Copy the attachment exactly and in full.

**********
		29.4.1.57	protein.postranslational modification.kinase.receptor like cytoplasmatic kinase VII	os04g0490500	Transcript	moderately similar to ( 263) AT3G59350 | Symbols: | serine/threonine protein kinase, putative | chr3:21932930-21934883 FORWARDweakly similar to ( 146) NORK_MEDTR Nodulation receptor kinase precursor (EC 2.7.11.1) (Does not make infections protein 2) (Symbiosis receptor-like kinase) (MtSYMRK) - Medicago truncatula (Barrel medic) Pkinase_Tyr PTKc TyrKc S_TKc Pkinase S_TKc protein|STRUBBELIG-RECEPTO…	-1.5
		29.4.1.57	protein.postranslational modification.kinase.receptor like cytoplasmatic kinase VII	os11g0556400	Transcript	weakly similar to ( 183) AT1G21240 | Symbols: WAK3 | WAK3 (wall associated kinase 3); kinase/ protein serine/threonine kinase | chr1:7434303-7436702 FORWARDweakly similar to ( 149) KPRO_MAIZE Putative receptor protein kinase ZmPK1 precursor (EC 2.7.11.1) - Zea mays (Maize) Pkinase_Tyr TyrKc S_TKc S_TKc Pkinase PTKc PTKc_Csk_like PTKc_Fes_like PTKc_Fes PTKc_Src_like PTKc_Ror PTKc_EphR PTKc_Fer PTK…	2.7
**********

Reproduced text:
		29.4.1.57	protein.postranslational modification.kinase.receptor like cytoplasmatic kinase VII	os04g0490500	Transcript	moderately similar to ( 263) AT3G59350 | Symbols: | serine/threonine protein kinase, putative | chr3:21932930-21934883 FORWARDweakly similar to ( 146) NORK_MEDTR Nodulation receptor kinase precursor (EC 2.7.11.1) (Does not make infections protein 2) (Symbiosis receptor-like kinase) (MtSYMRK) - Medicago truncatula (Barrel medic) Pkinase_Tyr PTKc TyrKc S_TKc Pkinase S_TKc protein|STRUBBELIG-RECEPTO…	-1.5
		29.4.1.57	protein.postranslational modification.kinase.receptor like cytoplasmatic kinase VII	os11g0556400	Transcript	weakly similar to ( 183) AT1G21240 | Symbols: WAK3 | WAK3 (wall associated kinase 3); kinase/ protein serine/threonine kinase | chr1:7434303-7436702 FORWARDweakly similar to ( 149) KPRO_MAIZE Putative receptor protein kinase ZmPK1 precursor (EC 2.7.11.1) - Zea mays (Maize) Pkinase_Tyr TyrKc S_TKc S_TKc Pkinase PTKc PTKc_Csk_like PTKc_Fes_like PTKc_Fes PTKc_Src_like PTKc_Ror PTKc_EphR PTKc_Fer PTK…	2.7